And, incredibly, it’s still not too late for Ford to look like a genius on the Scarborough transit file

By STEPHEN WICKENS

“To offer riders a more convenient route and alleviate potential budget pressures …”

Leading with those words, provincial transit agency Metrolinx issued a news release last week justifying the Ontario government’s decision to kill the Hurontario light-rail line’s two-kilometre loop through downtown Mississauga.

It’s hard to argue with a declaration that the most attractive routes at the best possible prices are a priority, though the degree to which this adjusted plan is likely to succeed in Mississauga prompted considerable debate – debate that continues even if it has since been drowned out by Tuesday night’s news that Premier Doug Ford has decreed big changes are in the works for four Toronto transit projects.

Some are still questioning how the changes to the Hurontario plan can be more convenient for people whose journey includes Mississauga Centre – surely a big proportion of potential ridership. At least the line is to be built in a way that allows the loop to be resurrected later.

As for cost savings: Although the line is now to be 10 per cent shorter with three fewer stations, the estimate remains $1.4-billion, same as in 2014, meaning “budget pressures” is basically PR-speak for cost overruns, even if the ‘project scope’ has changed. The overruns are mostly the result of “important design and engineering needs” not identified until 2017, Metrolinx spokeswoman Amanda Ferguson said in an e-mail.

Fair enough. Let’s hope everything pans out better than advertised.

But if Mr. Ford and his subway-upload-plan advisers really are serious about “more convenient” routes and alleviating “budget pressures,” the obvious starting point would have been big changes in Scarborough, and not by adding stations to the ill-conceived subway project.

At a time when the government is rightly making noise about the deficits and debt it inherited, plans for extending the Toronto Transit Commission’s Line 2 and the eastern stretches of Mayor John Tory’s SmartTrack plan have us on track for a double-whammy of spectacular waste and suboptimal services.

There has long been a much better plan, and Mr. Tory knows about it.

It’s an option that should have appealed to the Premier in that it doesn’t involve LRTs or reverting to the nearly fabled seven-stop light-rail route that is an article of faith in some circles, including on the opposition benches at Queen’s Park.

Scarborough does deserve much better than its faltering SRT line (foisted on the TTC in the 1980s by a previous provincial government). And, fortunately, the groundwork for the better plan has been salvaged with the Ford government’s apparent willingness to largely continue with Metrolinx’s Regional Express Rail network (recently rebranded “GO Expansion”). In simple terms, GO-E adds track capacity on most Metrolinx corridors, with more stations and, probably, electrified operations that permit much more frequent service.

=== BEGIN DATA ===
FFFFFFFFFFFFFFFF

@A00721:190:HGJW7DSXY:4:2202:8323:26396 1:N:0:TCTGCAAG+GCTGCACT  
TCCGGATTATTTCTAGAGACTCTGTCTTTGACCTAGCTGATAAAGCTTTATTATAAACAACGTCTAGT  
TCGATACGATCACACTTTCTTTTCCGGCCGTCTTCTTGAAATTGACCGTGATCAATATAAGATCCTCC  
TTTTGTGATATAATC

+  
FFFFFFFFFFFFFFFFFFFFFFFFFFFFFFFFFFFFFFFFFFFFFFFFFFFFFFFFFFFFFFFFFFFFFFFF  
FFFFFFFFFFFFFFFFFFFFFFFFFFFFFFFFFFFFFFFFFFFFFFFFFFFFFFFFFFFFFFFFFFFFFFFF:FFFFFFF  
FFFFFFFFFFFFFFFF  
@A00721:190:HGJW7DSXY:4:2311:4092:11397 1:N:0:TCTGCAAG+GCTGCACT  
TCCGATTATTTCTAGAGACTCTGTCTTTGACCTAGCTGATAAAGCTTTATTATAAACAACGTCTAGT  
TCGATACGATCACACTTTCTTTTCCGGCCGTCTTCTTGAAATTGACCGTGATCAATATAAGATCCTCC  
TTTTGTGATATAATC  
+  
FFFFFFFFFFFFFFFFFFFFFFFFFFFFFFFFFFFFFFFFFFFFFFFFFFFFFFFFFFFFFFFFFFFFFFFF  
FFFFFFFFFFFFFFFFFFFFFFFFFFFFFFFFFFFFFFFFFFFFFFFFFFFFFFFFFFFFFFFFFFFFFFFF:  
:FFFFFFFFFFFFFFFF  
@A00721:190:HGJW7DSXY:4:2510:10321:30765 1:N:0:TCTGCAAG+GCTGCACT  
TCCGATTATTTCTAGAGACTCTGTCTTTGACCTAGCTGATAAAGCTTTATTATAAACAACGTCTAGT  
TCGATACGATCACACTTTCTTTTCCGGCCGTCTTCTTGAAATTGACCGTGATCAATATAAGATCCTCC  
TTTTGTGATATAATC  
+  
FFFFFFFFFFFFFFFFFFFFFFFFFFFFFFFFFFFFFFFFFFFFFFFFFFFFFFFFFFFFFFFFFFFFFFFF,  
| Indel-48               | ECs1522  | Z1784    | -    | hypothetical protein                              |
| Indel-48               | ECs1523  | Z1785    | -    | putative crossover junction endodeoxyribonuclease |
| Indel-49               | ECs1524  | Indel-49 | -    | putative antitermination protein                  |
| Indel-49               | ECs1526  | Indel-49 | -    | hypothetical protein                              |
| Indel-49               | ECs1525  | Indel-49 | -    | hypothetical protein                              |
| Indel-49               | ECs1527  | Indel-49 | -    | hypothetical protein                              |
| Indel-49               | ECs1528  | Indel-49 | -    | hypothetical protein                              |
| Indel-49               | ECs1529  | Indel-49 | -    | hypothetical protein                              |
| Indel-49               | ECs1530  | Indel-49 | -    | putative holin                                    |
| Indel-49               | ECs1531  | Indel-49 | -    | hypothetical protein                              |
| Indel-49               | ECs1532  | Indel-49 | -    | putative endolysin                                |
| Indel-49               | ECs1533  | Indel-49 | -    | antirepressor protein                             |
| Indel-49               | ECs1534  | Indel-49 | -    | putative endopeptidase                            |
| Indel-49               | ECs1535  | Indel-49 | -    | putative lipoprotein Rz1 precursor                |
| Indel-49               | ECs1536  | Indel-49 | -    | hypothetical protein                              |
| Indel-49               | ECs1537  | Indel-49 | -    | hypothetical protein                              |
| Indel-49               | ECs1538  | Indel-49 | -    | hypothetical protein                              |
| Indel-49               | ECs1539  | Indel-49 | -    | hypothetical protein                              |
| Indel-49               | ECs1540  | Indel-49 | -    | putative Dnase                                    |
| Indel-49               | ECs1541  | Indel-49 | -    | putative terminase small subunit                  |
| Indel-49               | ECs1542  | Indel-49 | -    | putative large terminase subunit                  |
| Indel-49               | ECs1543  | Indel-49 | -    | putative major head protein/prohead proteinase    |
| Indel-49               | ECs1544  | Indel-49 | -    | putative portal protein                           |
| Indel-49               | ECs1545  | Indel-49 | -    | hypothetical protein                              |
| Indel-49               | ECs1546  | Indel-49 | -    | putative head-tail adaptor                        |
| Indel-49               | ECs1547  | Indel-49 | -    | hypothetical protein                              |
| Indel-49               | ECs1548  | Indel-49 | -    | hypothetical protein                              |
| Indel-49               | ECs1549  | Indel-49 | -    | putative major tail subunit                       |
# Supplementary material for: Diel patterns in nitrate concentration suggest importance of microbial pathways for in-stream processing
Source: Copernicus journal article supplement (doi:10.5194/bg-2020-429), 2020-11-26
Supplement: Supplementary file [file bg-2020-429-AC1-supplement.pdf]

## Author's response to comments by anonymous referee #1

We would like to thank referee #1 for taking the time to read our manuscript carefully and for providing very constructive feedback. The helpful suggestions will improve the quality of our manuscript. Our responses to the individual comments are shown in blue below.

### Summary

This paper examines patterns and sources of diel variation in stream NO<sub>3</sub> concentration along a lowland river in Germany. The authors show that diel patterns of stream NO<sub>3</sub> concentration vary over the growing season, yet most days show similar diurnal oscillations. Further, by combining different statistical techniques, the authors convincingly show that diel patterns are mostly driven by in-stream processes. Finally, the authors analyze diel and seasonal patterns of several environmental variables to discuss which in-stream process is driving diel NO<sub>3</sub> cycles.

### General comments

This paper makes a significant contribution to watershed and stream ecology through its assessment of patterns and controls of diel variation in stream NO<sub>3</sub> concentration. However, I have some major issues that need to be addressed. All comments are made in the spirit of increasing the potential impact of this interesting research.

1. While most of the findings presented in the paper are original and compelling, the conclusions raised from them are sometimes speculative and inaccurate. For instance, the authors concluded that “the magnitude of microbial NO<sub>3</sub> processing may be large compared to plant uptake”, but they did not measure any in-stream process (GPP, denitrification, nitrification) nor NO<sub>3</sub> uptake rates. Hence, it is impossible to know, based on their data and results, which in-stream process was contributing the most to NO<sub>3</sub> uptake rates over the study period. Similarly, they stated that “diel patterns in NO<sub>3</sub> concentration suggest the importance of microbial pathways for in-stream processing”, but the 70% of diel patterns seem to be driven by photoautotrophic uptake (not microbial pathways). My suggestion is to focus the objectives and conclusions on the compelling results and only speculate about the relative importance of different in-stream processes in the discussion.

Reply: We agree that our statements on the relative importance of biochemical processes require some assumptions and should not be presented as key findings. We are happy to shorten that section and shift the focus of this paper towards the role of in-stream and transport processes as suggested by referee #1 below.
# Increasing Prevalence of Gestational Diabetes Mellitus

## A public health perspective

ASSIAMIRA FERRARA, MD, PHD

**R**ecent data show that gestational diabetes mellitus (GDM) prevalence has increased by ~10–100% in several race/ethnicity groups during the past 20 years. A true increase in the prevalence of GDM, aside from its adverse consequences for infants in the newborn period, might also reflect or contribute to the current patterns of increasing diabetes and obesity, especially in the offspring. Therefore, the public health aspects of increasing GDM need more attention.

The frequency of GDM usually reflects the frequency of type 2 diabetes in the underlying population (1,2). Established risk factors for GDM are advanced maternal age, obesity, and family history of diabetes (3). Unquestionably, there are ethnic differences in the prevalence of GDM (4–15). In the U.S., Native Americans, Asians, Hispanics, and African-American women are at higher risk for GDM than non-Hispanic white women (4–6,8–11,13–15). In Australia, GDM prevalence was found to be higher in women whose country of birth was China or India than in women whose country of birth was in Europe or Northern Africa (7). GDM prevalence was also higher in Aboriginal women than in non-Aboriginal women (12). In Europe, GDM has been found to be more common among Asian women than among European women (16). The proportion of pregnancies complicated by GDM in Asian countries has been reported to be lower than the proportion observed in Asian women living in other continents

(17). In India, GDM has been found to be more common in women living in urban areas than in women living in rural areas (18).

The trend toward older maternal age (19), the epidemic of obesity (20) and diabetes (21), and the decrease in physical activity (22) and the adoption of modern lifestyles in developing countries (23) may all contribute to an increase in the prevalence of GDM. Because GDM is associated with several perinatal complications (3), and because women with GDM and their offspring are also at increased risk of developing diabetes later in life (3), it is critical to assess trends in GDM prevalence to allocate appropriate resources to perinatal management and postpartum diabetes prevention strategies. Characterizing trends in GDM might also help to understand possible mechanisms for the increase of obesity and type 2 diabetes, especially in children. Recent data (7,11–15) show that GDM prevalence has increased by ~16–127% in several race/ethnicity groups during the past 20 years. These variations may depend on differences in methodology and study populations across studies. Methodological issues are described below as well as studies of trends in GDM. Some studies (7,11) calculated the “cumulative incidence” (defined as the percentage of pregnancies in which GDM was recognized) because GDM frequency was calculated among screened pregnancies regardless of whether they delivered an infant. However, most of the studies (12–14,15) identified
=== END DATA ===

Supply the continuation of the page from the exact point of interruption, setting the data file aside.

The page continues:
Conveniently, one of those corridors – the one serving Markham and Stouffville – passes just 1.5 kilometres from Scarborough Town Centre. As a bonus, much of the land needed to build a spur line between STC and GO’s corridor is already publicly owned. If we let GO serve Markham and divert SmartTrack service to STC, we don’t need to tunnel a six-km subway for $4-billion, or $6-billion or more.

Better still, transit users would get a faster, more direct trip downtown from Scarborough than they would by subway – seven stops to Union in one seat, rather than 22 with a change of trains at perpetually overcrowded Bloor-Yonge station. In fact, SmartSpur would allow SmartTrack relieve a bit of the crowding on Toronto’s subway, rather than aggravating it as the current Line 2-extension plan would.

The SmartSpur idea first showed up in a 518-page report about electrifying GO’s rail system, released in 2013 by Transport Action Ontario (a volunteer group that, among other things, lets transit professionals do work other than what’s assigned in their day jobs). It was a serious plan produced and reviewed by serious transit people. The biggest knock against it has been that it kills any case for a Scarborough subway extension, which was little more that a vote-buying promise that underpinned former premier Kathleen Wynne’s support for Mr. Tory in the 2014 mayoral race (against Mr. Ford).

SmartSpur is based largely on the fact that upgrades – already under way – to double-track the Stouffville corridor and add a fourth track to the Lakeshore East line offer more capacity than GO and SmartTrack need for the foreseeable future. Running subway-like frequencies will require a state-of-the-art signalling system, not cheap, but overall potential savings were estimated to be in excess of $2-billion, and that was before the subway-option’s tunnelling and station cost estimates soared.

We know the Premier prefers underground trains (and is talking now about going underground on Eglinton West, too), but his advisers should have pointed out forcefully that cities getting transit built – the great metropolises with those enviable subway maps – rarely bore costly tunnels beyond their dense downtowns (55 per cent of London Underground is above ground, as is 62 per cent of Hong Kong’s system).

Going the SmartSpur route offered Mr. Ford a dual opportunity: to tackle an embarrassingly wasteful commitment made by the former premier, while showing his former mayoral-race opponent, Mr. Tory, how to do SmartTrack right.

Whether the Premier is big enough to backtrack now is an open question, as is whether Mr. Ford is receiving quality advice.

He could still look like a genius in Scarborough, reinvesting savings to push SmartSpur out to Malvern via Centennial College, or extending the Eglinton Crosstown east from Kennedy. Of course, Mr. Ford could also reallocate funds to a Relief subway, the most urgent transit need in Toronto and the GTA.